People and their stories inspire me. I watch a lot of movies and TV series, and I’m constantly learning new things about humanity and about myself through those experiences. The act of fully engaging in a story for ~2 hours can have a lasting impact on you, and in some cases help you navigate your own journey.
I’m also inspired by the design systems community, which for me is almost entirely online. It’s really hard work that many of us take quite seriously, so having connections with others who have similar backgrounds and interests is motivating– especially early on in one’s career. I remember reading some posts from people with careers I didn’t really know existed previously, which helped me craft my ideal role and responsibilities.
I have a little bit of an IKEA obsession. The majority of my office is IKEA, and they have some gems that are affordable and accessible. Recently they launched a collection called VARMBLIXT, a collaboration with Sabine Marcelis. The products mainly focus on form and light and feel quite trendy and fun.
On the interface design side, I’ve been using a photo app called Glass for a few months and it feels like a refreshing take on social media. I specifically appreciate how photos are the main attraction on the feed page, and you only see who posted it and the details if you slide to the right. It gives you so much more time to really look at and evaluate the photo without any context.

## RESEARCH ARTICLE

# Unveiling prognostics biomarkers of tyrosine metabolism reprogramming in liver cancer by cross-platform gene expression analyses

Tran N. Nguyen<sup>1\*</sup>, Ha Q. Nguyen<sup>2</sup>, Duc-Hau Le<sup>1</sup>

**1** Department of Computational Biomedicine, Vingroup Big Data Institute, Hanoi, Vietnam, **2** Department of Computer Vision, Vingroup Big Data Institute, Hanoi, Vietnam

I’m proud of what I’m working on right now and have been chipping away at over the past 8 months or so. A lot of design systems work is somewhat invisible, but it’s there quietly doing its job. Design tokens are one of those things. We started by tokenizing our spacing, sizing and typography patterns and have since re-worked our color system to fit into this model. It’s essentially an exercise in naming things, finding consensus with the team, building/eng stuff, and documentation. There are so many moving parts that depend on each other and it takes longer than you want, but in the end, it’s worth it to have that infrastructure in place. If designers have an easier time understanding when to use a specific color or size, we have succeeded.